The man at the centre of one of the most notorious court cases in Scottish history is about to be honoured 250 years after his birth.
Regarded by many as the 'father of Scottish democracy', 18th century radical Thomas Muir is to be celebrated in a special symposium on Friday by the very university he once expelled himself from in protest centuries ago.
Born in Glasgow in 1765, Muir attended the 'gowned classes' of Glasgow University from the age of 10, but left in protest years later after refusing to apologise for accusing the then principal and faculty members of mismanaging funds.
A trained lawyer who campaigned widely for greater democratic rights for the Scottish people, Muir lived in a time when bagpipes, Gaelic and wearing tartan or kilts was banned in Scotland in an attempt to bring the wayward Scots clans under government control.
As an outspoken proponent for political reform, Muir angered the political establishment who saw him as a ring leader.
Tried and found guilty of sedition in 1793, the radical was banished to Botany Bay, Australia, for 14 years, but the trial was widely regarded as a fix.
He eventually escaped to Mexico and then France after a dramatic battle at sea which smashed his left cheek bone and left the side of his face to droop revealing his teeth in a perpetual grimace.
Upon reaching sanctuary in Europe, he then called on the French Government to “liberate Scotland” but he died two years later.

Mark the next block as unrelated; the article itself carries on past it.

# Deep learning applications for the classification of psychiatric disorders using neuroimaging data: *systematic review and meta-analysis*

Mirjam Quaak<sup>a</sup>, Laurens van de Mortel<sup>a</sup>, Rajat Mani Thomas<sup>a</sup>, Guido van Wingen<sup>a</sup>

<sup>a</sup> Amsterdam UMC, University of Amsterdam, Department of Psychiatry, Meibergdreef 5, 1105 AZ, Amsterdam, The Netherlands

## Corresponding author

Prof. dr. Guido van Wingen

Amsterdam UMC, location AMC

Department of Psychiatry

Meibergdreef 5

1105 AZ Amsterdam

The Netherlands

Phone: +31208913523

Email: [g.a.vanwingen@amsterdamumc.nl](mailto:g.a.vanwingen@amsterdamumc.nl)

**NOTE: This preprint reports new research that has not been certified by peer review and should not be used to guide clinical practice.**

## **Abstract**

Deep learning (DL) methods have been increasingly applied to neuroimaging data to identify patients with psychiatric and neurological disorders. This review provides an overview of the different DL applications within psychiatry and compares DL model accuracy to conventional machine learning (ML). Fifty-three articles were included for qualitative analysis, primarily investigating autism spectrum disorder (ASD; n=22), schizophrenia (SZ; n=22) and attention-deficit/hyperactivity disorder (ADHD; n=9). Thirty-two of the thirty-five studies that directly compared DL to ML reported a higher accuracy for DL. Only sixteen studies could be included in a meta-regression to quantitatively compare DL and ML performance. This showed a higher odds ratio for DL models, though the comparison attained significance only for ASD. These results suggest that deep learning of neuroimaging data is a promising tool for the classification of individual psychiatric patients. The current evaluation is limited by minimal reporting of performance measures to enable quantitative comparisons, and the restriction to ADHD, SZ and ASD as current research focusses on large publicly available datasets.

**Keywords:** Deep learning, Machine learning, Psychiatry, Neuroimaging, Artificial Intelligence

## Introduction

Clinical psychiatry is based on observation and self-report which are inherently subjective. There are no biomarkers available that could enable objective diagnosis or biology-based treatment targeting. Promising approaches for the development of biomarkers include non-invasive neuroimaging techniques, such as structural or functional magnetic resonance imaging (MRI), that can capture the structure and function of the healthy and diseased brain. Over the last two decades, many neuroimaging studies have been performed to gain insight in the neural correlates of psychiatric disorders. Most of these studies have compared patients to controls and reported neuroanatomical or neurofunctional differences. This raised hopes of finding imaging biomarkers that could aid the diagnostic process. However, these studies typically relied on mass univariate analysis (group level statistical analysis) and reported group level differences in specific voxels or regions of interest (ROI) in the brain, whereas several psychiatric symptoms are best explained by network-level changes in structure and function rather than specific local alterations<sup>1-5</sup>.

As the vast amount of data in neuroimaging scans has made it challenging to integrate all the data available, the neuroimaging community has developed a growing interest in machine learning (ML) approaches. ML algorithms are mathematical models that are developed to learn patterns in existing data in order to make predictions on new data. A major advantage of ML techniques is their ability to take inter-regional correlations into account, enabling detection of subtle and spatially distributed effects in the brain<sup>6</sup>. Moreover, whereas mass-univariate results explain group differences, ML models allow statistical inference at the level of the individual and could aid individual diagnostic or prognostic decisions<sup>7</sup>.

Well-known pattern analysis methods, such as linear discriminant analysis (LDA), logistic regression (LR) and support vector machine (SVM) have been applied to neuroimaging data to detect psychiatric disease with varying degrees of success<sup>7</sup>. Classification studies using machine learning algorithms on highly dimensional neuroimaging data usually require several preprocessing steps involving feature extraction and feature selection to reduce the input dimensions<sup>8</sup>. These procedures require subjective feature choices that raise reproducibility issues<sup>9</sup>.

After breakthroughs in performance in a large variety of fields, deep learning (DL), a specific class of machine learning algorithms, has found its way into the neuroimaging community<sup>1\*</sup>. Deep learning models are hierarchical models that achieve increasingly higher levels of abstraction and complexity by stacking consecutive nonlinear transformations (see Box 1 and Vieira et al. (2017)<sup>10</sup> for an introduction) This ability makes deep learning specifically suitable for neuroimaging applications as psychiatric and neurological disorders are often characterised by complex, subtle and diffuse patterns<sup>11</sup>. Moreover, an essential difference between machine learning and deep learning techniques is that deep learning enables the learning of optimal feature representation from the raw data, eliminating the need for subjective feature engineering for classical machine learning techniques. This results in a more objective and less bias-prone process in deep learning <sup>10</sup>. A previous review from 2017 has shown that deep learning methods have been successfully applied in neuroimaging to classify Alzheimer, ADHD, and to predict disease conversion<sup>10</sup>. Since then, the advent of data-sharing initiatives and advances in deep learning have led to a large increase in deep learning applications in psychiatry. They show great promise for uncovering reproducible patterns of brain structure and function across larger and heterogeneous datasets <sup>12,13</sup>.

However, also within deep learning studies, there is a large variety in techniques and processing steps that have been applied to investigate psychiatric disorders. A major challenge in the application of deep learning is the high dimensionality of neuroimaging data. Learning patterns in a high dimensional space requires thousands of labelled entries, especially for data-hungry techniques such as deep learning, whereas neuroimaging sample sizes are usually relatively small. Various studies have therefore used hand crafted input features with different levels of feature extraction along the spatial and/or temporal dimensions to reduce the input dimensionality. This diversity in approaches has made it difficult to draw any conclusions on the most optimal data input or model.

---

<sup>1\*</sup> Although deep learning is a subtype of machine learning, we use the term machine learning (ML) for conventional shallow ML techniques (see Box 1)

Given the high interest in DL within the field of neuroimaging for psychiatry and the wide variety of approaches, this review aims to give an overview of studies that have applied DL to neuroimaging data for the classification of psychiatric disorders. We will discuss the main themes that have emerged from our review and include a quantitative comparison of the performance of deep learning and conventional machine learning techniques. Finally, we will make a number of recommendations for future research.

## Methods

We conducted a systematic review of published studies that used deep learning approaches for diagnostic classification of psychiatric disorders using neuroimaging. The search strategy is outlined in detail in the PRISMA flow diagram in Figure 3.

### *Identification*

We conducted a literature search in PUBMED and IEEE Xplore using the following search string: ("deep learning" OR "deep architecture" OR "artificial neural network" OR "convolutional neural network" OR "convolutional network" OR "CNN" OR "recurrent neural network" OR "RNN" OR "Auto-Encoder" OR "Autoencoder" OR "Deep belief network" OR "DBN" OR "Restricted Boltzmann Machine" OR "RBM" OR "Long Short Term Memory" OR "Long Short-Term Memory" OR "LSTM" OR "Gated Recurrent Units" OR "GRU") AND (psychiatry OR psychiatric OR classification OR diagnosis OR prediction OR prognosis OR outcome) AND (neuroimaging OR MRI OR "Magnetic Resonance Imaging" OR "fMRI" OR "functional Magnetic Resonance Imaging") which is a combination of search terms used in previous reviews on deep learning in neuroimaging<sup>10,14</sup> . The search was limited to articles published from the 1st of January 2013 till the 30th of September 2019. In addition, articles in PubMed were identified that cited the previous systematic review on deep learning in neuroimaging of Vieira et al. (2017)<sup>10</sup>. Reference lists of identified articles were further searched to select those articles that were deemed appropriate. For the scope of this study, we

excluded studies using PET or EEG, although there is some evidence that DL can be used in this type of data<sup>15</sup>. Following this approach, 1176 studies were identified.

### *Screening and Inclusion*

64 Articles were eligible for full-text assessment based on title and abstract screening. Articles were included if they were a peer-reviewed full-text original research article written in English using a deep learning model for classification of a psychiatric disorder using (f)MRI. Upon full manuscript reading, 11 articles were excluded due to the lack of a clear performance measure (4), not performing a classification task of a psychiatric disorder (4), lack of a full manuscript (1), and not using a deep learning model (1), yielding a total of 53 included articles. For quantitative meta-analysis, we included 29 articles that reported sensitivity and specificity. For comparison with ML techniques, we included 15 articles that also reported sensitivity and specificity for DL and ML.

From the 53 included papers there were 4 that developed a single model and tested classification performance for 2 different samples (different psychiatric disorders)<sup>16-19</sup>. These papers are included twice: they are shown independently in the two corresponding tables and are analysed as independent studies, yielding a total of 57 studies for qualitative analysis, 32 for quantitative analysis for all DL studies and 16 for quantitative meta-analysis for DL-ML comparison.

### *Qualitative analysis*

Thomas Muir’s reputation was so damaged among the establishment, however, he was almost airbrushed out of history.
There are no Thomas Muir statues in Glasgow, although there is a bust of him in the Bishopbriggs Library and the National Portrait Gallery has a small image of him in contrast to a considerably larger painting of the judge, Lord Braxfield, who condemned him.
But on Friday October 30, to mark the 250th anniversary of Thomas Muir’s birth, the University of Glasgow will host a celebration in honour of one of their most notorious alumni.
For the first time in centuries, the university will study the evidence of his self-inflicted expulsion and discuss his life as a student, his politics and his achievements.
Professor Gerard Carruthers, Francis Hutcheson Chair of Scottish Literature, said: "The symposium is recognition that Thomas Muir is coming in from the cold after 250 years. It is recognition that he fought for what he believed in.
"Muir was a man of conscience. He was also thrown out of almost every club to which he ever belonged. The Church of Scotland, the Faculty of Advocates and the University of Glasgow to name a few.
"He was divisive and argumentative but he was also passionate when it came to what he believed in. Throughout his life he didn’t care who he upset, if it was something he strongly believed in he would not give up."
The Thomas Muir Symposium, hosted by the University of Glasgow’s Burns Centre, will be held in The Humanities Lecture Theatre, from 12noon – 5pm, October 30. Admission is free.